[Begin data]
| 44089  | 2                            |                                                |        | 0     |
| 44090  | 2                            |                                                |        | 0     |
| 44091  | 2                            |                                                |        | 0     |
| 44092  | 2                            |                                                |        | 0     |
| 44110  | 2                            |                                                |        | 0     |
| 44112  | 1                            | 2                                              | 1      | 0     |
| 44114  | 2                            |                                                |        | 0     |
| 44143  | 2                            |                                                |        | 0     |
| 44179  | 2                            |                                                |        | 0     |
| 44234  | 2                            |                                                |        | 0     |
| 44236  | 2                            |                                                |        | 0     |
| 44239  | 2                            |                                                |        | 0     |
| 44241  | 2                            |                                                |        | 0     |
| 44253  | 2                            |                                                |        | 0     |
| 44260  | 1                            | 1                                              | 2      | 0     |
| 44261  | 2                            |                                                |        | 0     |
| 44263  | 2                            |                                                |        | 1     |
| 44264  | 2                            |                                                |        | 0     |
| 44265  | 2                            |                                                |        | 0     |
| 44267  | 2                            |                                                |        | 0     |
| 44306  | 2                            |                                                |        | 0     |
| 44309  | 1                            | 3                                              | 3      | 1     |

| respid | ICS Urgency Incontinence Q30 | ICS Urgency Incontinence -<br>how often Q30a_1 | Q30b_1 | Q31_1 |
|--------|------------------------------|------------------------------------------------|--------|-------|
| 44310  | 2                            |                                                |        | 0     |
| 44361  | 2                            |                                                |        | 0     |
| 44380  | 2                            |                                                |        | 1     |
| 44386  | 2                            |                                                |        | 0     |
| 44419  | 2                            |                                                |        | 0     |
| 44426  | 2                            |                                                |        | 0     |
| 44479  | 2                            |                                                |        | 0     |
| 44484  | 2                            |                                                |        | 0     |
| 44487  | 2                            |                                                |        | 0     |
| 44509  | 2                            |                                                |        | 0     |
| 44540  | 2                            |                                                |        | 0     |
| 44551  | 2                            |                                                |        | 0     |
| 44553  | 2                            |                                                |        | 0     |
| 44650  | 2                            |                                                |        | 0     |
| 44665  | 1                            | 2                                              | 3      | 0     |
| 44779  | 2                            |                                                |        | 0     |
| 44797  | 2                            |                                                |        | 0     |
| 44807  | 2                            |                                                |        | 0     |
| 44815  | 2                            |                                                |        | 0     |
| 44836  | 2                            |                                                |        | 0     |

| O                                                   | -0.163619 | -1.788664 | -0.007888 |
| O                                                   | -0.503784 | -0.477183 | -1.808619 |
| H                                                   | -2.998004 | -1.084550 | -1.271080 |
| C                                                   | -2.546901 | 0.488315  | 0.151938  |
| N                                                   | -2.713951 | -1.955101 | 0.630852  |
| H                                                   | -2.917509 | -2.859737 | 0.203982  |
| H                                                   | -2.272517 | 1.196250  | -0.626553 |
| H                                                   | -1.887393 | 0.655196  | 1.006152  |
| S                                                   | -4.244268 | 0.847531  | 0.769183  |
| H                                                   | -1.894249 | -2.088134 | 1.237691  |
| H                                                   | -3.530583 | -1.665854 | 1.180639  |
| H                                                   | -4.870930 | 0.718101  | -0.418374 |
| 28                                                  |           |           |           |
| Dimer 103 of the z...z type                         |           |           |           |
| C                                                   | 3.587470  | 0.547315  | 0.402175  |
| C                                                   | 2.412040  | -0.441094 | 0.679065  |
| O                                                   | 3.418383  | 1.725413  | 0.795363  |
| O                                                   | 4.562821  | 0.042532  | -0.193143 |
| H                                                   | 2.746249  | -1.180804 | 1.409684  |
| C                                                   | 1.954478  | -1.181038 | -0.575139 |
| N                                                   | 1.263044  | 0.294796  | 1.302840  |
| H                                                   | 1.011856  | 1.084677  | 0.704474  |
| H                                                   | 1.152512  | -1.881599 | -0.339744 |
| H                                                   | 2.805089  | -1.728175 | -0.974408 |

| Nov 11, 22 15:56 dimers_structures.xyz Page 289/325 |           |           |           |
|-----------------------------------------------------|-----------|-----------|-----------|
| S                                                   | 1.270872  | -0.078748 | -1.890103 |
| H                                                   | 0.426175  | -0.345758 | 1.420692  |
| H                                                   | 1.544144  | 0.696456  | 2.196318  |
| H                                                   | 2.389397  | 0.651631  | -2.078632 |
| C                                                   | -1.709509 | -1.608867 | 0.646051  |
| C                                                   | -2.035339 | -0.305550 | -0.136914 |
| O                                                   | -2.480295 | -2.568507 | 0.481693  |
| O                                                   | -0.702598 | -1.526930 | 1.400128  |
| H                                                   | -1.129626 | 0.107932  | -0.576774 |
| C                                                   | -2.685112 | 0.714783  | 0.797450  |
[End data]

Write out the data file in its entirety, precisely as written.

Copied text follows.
| 44089  | 2                            |                                                |        | 0     |
| 44090  | 2                            |                                                |        | 0     |
| 44091  | 2                            |                                                |        | 0     |
| 44092  | 2                            |                                                |        | 0     |
| 44110  | 2                            |                                                |        | 0     |
| 44112  | 1                            | 2                                              | 1      | 0     |
| 44114  | 2                            |                                                |        | 0     |
| 44143  | 2                            |                                                |        | 0     |
| 44179  | 2                            |                                                |        | 0     |
| 44234  | 2                            |                                                |        | 0     |
| 44236  | 2                            |                                                |        | 0     |
| 44239  | 2                            |                                                |        | 0     |
| 44241  | 2                            |                                                |        | 0     |
| 44253  | 2                            |                                                |        | 0     |
| 44260  | 1                            | 1                                              | 2      | 0     |
| 44261  | 2                            |                                                |        | 0     |
| 44263  | 2                            |                                                |        | 1     |
| 44264  | 2                            |                                                |        | 0     |
| 44265  | 2                            |                                                |        | 0     |
| 44267  | 2                            |                                                |        | 0     |
| 44306  | 2                            |                                                |        | 0     |
| 44309  | 1                            | 3                                              | 3      | 1     |

| respid | ICS Urgency Incontinence Q30 | ICS Urgency Incontinence -<br>how often Q30a_1 | Q30b_1 | Q31_1 |
|--------|------------------------------|------------------------------------------------|--------|-------|
| 44310  | 2                            |                                                |        | 0     |
| 44361  | 2                            |                                                |        | 0     |
| 44380  | 2                            |                                                |        | 1     |
| 44386  | 2                            |                                                |        | 0     |
| 44419  | 2                            |                                                |        | 0     |
| 44426  | 2                            |                                                |        | 0     |
| 44479  | 2                            |                                                |        | 0     |
| 44484  | 2                            |                                                |        | 0     |
| 44487  | 2                            |                                                |        | 0     |
| 44509  | 2                            |                                                |        | 0     |
| 44540  | 2                            |                                                |        | 0     |
| 44551  | 2                            |                                                |        | 0     |
| 44553  | 2                            |                                                |        | 0     |
| 44650  | 2                            |                                                |        | 0     |
| 44665  | 1                            | 2                                              | 3      | 0     |
| 44779  | 2                            |                                                |        | 0     |
| 44797  | 2                            |                                                |        | 0     |
| 44807  | 2                            |                                                |        | 0     |
| 44815  | 2                            |                                                |        | 0     |
| 44836  | 2                            |                                                |        | 0     |

| O                                                   | -0.163619 | -1.788664 | -0.007888 |
| O                                                   | -0.503784 | -0.477183 | -1.808619 |
| H                                                   | -2.998004 | -1.084550 | -1.271080 |
| C                                                   | -2.546901 | 0.488315  | 0.151938  |
| N                                                   | -2.713951 | -1.955101 | 0.630852  |
| H                                                   | -2.917509 | -2.859737 | 0.203982  |
| H                                                   | -2.272517 | 1.196250  | -0.626553 |
| H                                                   | -1.887393 | 0.655196  | 1.006152  |
| S                                                   | -4.244268 | 0.847531  | 0.769183  |
| H                                                   | -1.894249 | -2.088134 | 1.237691  |
| H                                                   | -3.530583 | -1.665854 | 1.180639  |
| H                                                   | -4.870930 | 0.718101  | -0.418374 |
| 28                                                  |           |           |           |
| Dimer 103 of the z...z type                         |           |           |           |
| C                                                   | 3.587470  | 0.547315  | 0.402175  |
| C                                                   | 2.412040  | -0.441094 | 0.679065  |
| O                                                   | 3.418383  | 1.725413  | 0.795363  |
| O                                                   | 4.562821  | 0.042532  | -0.193143 |
| H                                                   | 2.746249  | -1.180804 | 1.409684  |
| C                                                   | 1.954478  | -1.181038 | -0.575139 |
| N                                                   | 1.263044  | 0.294796  | 1.302840  |
| H                                                   | 1.011856  | 1.084677  | 0.704474  |
| H                                                   | 1.152512  | -1.881599 | -0.339744 |
| H                                                   | 2.805089  | -1.728175 | -0.974408 |

| Nov 11, 22 15:56 dimers_structures.xyz Page 289/325 |           |           |           |
|-----------------------------------------------------|-----------|-----------|-----------|
| S                                                   | 1.270872  | -0.078748 | -1.890103 |
| H                                                   | 0.426175  | -0.345758 | 1.420692  |
| H                                                   | 1.544144  | 0.696456  | 2.196318  |
| H                                                   | 2.389397  | 0.651631  | -2.078632 |
| C                                                   | -1.709509 | -1.608867 | 0.646051  |
| C                                                   | -2.035339 | -0.305550 | -0.136914 |
| O                                                   | -2.480295 | -2.568507 | 0.481693  |
| O                                                   | -0.702598 | -1.526930 | 1.400128  |
| H                                                   | -1.129626 | 0.107932  | -0.576774 |
| C                                                   | -2.685112 | 0.714783  | 0.797450  |